Q: The Boom Boom Huck Jam, the event enterprise you created, is no longer around. Was the event business harder than the other enterprises you undertook?
Hawk: It's not that it was harder. It was just really challenging when the economy took a downturn because we couldn't find a title sponsor. I always said that the ticket price of Huck Jam can't be too expensive. We needed sponsorship money to offset the cost and the last major sponsor we had was T-Mobile. After that, it was really, really difficult for anyone to pony up the kind of sponsorship money that could justify us keeping ticket sales affordable. It wasn't that it was hard. The timing was just bad.
Q: Do you think you'll start another tour when sponsorship dollars return?
Hawk: Sure. I still have all the ramps. I'm ready to go. Any time someone is ready to write a check, we'll hit the road.
Basketball HOFer MAGIC JOHNSON, who last month sold his 4.5% stake in the Lakers, yesterday said that a "new ownership opportunity is not imminent." Johnson said he is "just exploring, listening." Johnson: "Nothing is going to happen, if I decide anything is going to happen, until after the first of the year." Johnson "has been linked to potential ownership groups in both the NFL and the NBA," but he insisted "nothing ranks higher, either league." Johnson: "I want to definitely be a part of the NFL because I love the game, so, if it comes back to L.A., I want to be a part of it. Now, the NBA, I'm a basketball player. I'm a basketball man. That's a natural thing for me. So, is it something right now? No. Is it something with possibilities? Of course" (ESPNLA.com, 11/9).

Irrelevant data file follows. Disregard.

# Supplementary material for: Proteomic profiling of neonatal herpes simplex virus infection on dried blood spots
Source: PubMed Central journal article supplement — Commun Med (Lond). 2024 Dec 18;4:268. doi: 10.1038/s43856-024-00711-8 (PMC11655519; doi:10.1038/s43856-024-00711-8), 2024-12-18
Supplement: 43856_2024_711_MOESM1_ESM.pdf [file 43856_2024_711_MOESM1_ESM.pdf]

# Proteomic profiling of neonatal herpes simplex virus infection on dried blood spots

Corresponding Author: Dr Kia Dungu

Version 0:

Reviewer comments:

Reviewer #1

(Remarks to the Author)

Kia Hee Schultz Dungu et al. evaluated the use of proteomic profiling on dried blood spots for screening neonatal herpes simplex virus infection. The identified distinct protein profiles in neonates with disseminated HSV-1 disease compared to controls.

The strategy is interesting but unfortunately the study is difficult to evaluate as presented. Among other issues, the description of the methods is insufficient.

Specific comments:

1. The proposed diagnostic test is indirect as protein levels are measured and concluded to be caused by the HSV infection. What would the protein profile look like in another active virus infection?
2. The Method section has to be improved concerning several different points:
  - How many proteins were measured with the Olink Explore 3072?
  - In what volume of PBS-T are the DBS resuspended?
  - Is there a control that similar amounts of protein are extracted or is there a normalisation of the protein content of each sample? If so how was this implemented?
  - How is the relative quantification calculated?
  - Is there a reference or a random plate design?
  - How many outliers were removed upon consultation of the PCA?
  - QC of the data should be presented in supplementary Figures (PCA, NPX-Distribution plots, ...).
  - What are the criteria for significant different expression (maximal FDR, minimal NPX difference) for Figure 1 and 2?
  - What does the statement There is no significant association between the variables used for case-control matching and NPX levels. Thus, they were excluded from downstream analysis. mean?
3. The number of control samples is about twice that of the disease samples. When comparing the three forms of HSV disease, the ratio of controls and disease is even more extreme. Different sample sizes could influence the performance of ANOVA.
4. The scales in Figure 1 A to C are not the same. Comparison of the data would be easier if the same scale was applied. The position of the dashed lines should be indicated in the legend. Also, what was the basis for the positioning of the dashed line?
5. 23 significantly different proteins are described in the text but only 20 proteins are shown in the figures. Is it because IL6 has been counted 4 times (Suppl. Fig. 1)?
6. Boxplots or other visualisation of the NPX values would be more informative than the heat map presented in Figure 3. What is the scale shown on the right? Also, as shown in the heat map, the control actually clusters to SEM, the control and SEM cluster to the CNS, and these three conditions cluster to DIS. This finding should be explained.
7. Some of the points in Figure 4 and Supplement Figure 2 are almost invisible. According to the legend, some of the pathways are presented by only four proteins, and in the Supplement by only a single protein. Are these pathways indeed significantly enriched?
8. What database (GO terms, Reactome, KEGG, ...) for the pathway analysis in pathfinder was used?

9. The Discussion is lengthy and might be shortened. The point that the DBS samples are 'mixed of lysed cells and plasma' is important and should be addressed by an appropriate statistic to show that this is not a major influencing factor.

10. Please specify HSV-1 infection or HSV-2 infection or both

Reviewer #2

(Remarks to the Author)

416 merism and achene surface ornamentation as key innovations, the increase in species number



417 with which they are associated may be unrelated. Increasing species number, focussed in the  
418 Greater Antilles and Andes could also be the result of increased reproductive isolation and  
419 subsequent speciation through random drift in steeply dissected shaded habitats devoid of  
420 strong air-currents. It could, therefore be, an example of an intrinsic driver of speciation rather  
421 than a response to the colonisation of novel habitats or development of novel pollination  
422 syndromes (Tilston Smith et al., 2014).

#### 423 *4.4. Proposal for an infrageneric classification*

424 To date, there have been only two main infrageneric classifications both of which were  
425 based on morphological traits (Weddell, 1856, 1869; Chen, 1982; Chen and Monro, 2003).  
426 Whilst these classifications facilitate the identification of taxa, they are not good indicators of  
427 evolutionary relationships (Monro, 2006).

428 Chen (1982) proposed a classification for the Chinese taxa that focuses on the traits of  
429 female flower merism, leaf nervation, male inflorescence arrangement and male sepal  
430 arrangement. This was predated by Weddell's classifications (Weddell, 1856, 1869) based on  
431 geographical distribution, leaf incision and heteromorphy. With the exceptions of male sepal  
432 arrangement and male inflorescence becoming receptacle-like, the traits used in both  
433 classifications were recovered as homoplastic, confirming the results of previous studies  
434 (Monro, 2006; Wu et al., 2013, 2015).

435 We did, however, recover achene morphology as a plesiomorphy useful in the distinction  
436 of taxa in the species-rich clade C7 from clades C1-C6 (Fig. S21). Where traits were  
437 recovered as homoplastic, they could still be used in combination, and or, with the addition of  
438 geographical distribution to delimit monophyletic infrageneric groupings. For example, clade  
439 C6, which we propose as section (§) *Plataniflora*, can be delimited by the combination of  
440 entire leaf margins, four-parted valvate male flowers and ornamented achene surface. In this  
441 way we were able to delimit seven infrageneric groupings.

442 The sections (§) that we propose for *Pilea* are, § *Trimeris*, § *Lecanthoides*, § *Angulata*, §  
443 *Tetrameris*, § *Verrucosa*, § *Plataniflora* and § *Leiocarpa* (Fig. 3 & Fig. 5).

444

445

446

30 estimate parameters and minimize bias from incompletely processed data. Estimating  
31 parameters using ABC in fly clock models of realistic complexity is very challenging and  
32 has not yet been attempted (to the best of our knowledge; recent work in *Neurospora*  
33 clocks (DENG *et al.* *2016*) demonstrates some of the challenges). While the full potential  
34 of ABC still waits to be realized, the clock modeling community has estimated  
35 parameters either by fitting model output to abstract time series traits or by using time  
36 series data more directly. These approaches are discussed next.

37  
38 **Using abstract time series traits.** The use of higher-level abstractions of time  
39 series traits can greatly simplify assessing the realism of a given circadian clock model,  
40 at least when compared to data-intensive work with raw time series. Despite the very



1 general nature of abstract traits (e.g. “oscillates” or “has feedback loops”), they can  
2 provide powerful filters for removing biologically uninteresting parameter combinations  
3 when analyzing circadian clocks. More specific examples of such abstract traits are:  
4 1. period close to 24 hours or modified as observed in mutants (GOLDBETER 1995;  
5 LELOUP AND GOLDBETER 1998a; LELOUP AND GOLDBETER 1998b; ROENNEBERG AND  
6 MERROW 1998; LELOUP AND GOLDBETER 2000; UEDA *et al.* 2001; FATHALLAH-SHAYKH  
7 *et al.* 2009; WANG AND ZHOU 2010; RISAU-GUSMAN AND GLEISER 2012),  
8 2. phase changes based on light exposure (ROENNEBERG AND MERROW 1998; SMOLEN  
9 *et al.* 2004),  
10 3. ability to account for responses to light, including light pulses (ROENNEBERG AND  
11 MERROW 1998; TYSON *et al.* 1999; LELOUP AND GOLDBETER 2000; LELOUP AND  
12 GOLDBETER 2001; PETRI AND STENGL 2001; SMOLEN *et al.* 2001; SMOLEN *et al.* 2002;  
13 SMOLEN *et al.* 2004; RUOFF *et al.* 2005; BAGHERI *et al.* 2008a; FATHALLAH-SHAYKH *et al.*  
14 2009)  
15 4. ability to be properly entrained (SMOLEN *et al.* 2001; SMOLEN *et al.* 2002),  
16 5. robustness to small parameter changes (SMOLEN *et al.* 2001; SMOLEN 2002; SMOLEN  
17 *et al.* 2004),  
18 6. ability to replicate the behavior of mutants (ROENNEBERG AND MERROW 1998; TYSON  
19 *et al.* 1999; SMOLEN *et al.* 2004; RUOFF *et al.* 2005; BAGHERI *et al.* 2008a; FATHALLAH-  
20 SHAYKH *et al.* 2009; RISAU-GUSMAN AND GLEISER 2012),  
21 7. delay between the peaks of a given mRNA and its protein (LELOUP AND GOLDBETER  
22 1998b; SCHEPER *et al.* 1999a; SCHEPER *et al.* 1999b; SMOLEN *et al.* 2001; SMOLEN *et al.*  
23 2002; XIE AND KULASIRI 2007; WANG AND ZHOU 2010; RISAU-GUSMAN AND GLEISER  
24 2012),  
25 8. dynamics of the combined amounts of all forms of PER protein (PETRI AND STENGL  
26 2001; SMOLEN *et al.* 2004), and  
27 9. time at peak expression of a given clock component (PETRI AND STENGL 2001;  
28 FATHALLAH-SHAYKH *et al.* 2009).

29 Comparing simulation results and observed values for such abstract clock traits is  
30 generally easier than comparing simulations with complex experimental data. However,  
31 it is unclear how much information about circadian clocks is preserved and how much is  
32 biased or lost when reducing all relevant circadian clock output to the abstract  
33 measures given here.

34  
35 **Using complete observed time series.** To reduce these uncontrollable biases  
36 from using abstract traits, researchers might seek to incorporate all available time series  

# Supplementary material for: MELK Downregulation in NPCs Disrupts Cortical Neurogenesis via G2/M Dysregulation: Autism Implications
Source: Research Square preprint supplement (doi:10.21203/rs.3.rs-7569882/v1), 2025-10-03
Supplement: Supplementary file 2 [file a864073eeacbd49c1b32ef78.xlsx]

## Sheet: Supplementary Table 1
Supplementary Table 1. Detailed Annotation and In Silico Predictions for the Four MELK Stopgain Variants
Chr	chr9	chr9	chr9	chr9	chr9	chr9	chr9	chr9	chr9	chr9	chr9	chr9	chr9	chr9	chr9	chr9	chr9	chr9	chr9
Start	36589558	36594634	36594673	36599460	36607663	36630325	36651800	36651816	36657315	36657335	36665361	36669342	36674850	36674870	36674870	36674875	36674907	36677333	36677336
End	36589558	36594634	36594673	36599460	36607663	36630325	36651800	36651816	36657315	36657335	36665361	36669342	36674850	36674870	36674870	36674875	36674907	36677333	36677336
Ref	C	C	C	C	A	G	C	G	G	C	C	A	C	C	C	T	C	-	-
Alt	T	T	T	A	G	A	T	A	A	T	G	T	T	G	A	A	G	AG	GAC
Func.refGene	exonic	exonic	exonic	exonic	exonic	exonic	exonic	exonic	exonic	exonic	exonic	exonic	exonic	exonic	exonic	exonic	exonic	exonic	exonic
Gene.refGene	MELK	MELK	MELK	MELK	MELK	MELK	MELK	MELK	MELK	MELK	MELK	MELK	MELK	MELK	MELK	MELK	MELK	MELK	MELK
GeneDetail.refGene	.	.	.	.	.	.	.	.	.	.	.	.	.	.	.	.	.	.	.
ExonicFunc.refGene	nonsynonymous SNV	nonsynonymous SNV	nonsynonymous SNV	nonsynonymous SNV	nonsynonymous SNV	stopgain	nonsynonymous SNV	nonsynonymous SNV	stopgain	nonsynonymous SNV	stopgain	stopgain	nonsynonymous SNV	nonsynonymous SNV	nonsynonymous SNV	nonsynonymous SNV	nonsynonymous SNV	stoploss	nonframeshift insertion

KID'S GAME: In Louisville, Eric Crawford notes Scout.com national men's basketball recruiting analyst EVAN DANIELS, 25, this year has "taken over one of the nation's major online recruiting publications, including its reporting and ranking efforts." Daniels: "If I told you I ever thought I'd be in a position like this, I'd be lying. Honestly, I had no idea anything like this was possible. I was just doing this because I liked to be around basketball." Crawford noted Daniels' "real passion was getting out on the road and watching the endless series of AAU games," and through that, he met ESPN.com senior basketball recruiting analyst DAVE TELEP, who "professionalized the role of recruiting analyst." Daniels like Telep has "started his own scouting service for college coaches," and "already he has 60 clients" (Louisville COURIER-JOURNAL, 11/10).